Many bilingual schools confidently report they already adhere to the standards. But some schools will have to go back to the drawing board for next year. Dr Mark Abell, Partner and Head of International Education at British law firm Bird & Bird, has helped establish international schools worldwide, including Shanghai. “Blended curriculum must be approved by the Chinese authorities, and this is a real operational challenge,” says Dr Abell.
Chinese public schools with international divisions were already receiving criticism from China’s Ministry of Education before the new regulations were passed. According to Richard Gaskell at ISC Research, “In some of these schools, the international stream has become so dominant that the whole school operates as an international school, even though it is still officially a Chinese public school. This is clearly not the intention of the authorities that have granted licenses for such programs.”
A November 2016 article in The Economist further explains, “The expansion of international programs within public Chinese schools also spurred a popular backlash against the use of public facilities and funds to teach pupils who plan to leave China.”
With the rise of China’s middle class, the number of students it sends to the US jumped to 274,439 in the 2013-2014 school year from 61,765 a decade earlier, according to the Institute of International Education. Today, The Economist reports, “record numbers of Chinese study abroad: over half a million people left in 2015 alone, many for America.”
Dr Abell predicts the regulations won’t stop parents from seeking non-public education for their children, however. Nor will it deter foreign brands from launching campuses here. The appetite for English-medium, international curriculum is only growing.
Given the worldwide shift toward nationalist philosophies, perhaps the most valuable benefit to international education is one that’s difficult to measure: cultivating open minds. Time will tell if today’s changing political and social climates can support this type of growth.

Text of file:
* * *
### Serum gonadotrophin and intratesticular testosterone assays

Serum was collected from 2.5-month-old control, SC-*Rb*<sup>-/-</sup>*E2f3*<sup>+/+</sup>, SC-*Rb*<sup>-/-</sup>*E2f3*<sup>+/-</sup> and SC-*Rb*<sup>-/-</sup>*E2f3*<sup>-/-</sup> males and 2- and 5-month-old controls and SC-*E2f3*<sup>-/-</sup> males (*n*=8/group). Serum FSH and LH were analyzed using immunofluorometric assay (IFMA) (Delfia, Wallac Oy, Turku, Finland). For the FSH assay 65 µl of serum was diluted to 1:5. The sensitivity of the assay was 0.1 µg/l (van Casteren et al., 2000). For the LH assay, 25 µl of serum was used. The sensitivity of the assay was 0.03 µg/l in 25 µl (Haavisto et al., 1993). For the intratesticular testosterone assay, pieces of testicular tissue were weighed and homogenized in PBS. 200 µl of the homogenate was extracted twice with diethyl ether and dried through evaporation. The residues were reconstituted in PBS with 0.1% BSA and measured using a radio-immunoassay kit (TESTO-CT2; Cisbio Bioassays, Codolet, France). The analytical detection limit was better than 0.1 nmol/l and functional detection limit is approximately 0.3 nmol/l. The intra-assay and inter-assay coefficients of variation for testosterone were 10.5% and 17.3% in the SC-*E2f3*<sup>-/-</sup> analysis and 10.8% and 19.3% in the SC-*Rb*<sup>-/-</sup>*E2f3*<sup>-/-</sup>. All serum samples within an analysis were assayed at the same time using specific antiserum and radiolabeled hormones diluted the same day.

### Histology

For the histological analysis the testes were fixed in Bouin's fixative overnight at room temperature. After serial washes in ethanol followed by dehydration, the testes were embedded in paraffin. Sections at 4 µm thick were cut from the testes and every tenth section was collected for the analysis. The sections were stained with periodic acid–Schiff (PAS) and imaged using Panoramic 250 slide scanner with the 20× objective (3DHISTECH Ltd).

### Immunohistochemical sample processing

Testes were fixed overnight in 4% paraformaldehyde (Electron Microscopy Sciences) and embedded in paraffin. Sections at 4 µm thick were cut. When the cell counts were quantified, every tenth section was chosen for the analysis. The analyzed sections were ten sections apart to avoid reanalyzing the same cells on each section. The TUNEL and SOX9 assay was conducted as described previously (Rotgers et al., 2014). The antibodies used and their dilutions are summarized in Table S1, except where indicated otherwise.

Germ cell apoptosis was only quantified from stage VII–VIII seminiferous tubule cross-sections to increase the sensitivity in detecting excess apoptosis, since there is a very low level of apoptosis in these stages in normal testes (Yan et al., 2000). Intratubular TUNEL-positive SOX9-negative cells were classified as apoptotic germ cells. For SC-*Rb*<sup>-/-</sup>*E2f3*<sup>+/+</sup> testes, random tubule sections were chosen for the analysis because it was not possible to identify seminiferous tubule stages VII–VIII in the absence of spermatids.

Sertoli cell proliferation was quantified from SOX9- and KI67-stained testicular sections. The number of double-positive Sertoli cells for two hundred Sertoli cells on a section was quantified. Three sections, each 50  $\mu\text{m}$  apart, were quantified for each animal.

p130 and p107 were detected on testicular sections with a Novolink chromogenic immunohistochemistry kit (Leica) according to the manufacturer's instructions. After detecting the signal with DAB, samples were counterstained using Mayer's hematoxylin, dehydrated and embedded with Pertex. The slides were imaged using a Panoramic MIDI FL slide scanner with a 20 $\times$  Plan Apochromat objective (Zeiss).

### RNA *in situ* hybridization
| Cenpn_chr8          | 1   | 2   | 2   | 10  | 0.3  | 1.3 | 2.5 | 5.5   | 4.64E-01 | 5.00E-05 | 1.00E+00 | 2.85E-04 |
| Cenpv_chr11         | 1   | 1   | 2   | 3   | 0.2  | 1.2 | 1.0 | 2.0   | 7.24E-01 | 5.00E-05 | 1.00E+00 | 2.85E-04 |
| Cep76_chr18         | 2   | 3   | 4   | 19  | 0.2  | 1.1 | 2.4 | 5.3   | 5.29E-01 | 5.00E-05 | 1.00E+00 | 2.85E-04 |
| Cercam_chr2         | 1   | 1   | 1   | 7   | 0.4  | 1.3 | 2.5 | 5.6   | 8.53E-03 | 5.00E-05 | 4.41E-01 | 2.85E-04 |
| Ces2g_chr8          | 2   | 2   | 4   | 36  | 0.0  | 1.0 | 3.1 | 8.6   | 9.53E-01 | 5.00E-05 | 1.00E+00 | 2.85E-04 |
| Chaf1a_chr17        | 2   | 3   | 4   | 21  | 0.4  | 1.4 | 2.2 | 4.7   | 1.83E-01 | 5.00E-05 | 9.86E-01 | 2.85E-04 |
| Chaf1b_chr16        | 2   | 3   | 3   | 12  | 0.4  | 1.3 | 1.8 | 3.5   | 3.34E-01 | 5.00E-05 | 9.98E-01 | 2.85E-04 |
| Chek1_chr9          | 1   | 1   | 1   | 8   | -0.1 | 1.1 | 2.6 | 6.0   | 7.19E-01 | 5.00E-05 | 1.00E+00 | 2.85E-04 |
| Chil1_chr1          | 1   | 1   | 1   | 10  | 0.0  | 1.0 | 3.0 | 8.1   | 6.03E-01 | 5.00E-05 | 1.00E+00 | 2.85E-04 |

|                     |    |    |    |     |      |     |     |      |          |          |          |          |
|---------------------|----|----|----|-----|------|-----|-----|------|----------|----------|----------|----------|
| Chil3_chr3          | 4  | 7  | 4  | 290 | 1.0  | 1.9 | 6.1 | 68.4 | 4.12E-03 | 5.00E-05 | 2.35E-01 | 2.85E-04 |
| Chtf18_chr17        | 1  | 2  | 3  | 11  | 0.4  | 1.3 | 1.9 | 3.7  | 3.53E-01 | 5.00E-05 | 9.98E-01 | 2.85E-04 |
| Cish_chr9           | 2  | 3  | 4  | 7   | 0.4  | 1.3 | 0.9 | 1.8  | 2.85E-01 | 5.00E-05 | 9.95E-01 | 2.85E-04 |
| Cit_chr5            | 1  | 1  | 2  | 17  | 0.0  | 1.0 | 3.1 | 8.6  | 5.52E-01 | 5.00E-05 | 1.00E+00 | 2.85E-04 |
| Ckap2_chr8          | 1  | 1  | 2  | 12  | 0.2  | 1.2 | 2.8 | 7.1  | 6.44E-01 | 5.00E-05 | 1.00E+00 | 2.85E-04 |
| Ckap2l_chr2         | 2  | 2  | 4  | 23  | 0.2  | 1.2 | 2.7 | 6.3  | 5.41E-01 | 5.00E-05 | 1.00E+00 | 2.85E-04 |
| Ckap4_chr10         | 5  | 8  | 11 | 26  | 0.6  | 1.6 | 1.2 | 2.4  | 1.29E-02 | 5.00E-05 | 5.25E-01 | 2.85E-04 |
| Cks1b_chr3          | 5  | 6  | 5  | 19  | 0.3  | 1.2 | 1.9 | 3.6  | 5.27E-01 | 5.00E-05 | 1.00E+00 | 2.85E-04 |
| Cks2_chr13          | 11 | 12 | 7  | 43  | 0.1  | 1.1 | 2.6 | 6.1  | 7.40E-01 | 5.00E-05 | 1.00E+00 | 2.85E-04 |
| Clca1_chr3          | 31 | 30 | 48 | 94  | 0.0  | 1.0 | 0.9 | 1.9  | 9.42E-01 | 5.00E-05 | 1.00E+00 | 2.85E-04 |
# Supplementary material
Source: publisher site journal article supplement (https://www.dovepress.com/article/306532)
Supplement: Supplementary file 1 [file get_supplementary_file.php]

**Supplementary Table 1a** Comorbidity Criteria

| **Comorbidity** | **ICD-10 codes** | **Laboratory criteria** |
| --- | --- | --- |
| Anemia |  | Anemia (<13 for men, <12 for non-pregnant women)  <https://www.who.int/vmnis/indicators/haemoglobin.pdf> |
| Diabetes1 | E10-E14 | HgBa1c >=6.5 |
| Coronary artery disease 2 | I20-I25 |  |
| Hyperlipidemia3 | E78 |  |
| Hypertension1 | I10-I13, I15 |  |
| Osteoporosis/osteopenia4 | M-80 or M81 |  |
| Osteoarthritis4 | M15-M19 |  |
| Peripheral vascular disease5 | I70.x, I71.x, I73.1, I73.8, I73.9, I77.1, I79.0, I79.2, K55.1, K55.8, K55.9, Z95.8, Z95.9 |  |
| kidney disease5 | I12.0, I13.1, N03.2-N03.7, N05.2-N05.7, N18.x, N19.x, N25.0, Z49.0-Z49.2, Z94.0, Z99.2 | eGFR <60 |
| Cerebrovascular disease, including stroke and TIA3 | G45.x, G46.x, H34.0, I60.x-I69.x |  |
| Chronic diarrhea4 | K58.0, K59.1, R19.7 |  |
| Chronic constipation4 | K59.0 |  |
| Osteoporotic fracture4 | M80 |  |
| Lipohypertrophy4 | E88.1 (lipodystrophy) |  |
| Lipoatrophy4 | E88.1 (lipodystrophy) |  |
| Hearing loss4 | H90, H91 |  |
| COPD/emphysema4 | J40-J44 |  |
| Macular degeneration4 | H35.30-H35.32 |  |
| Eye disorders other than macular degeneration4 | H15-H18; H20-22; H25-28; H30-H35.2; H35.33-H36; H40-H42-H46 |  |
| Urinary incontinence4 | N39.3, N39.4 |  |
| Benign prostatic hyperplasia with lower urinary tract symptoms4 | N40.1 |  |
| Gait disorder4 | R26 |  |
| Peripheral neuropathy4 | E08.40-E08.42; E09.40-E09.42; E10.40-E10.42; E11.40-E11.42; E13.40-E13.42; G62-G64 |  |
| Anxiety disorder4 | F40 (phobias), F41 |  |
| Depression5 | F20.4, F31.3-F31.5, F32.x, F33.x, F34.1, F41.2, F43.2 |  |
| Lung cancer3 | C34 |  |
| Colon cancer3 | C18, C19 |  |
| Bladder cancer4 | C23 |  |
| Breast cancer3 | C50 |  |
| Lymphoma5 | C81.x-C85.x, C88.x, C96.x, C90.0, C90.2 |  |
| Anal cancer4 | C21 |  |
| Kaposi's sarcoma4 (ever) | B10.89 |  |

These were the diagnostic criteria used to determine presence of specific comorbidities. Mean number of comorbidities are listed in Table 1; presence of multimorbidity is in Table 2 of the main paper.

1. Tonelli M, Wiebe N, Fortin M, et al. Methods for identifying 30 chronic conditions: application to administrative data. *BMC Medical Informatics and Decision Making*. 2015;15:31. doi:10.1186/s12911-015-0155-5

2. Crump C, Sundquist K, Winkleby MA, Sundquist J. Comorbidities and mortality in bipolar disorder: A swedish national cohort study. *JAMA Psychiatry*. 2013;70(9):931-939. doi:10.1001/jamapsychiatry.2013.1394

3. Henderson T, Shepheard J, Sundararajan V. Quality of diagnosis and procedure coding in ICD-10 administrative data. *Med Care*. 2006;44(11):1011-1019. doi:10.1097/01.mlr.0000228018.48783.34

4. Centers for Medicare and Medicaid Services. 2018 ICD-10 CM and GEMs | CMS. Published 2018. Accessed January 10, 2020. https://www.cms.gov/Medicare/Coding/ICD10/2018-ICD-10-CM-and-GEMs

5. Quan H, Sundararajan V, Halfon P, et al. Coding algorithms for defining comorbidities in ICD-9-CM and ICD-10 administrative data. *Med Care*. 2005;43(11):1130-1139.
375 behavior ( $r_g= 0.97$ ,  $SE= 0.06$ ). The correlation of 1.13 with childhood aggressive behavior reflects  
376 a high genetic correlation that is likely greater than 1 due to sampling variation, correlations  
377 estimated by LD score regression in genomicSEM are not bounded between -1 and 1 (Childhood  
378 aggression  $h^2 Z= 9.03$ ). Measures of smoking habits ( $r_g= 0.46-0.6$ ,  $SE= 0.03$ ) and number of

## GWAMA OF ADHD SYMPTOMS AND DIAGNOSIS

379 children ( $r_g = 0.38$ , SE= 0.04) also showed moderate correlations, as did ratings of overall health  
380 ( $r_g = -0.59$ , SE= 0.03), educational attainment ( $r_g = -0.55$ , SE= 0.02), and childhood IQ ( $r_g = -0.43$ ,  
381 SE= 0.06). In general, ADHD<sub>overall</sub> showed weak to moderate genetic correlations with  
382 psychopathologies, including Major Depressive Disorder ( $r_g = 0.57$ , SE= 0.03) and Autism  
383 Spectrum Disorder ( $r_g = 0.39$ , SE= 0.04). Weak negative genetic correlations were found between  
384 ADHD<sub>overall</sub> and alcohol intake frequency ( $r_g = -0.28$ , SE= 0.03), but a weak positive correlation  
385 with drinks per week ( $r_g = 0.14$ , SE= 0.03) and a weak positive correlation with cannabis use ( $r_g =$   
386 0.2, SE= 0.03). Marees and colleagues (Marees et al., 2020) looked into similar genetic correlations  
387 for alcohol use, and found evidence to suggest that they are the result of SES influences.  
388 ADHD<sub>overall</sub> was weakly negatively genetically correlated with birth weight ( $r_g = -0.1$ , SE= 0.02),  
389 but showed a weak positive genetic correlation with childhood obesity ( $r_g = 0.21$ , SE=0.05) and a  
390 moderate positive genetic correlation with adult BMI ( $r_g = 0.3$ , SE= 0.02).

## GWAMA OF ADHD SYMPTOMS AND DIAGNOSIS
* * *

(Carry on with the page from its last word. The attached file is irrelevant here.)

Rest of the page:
Independently foreign-run international schools:
Independently foreign-run schools can only admit overseas passport holders and students from Hong Kong, Macao, and Taiwan. Examples of these schools include Shanghai American School, Concordia International School, Wellington College International Shanghai, etc. and offer an international curriculum such as Advanced Placement (AP) from the US and the International Baccalaureate (IB) Diploma Programme from the UK.
Sino-foreign cooperative schools:
These schools are joint ventures between a Chinese owner (typically providing the land and financial investment), and a foreign education company or school that provides the learning and teaching and, frequently, a prestigious educational reputation. Both expatriate and Chinese students can attend these schools. Examples of Sino-foreign cooperatives include: Nord Anglia Chinese International School Shanghai, Wellington College Bilingual Shanghai, Shanghai HD Bilingual School and Wycombe Abbey Changzhou.
Chinese-owned private bilingual schools:
These schools have a distinctly international focus and many offer internationally recognized programs within a Mandarin-English bilingual learning environment. Foreign organizations cannot legally own any part of a Chinese private school. YK Pao School is an example of a private bilingual school.
Chinese public schools with international divisions (for high school students):
Some Chinese public high schools have created international streams, offering British, American or IB diploma programmes alongside their national streams. International streams are often administratively separate from the main parts of the schools that accommodate them. Shanghai Jincai International School and Fudan International School are examples of such schools.
*Adapted from “China – leading international school growth,” by Richard Gaskell, Director for International Schools at ISC Research, 2016 and an email interview, 2017.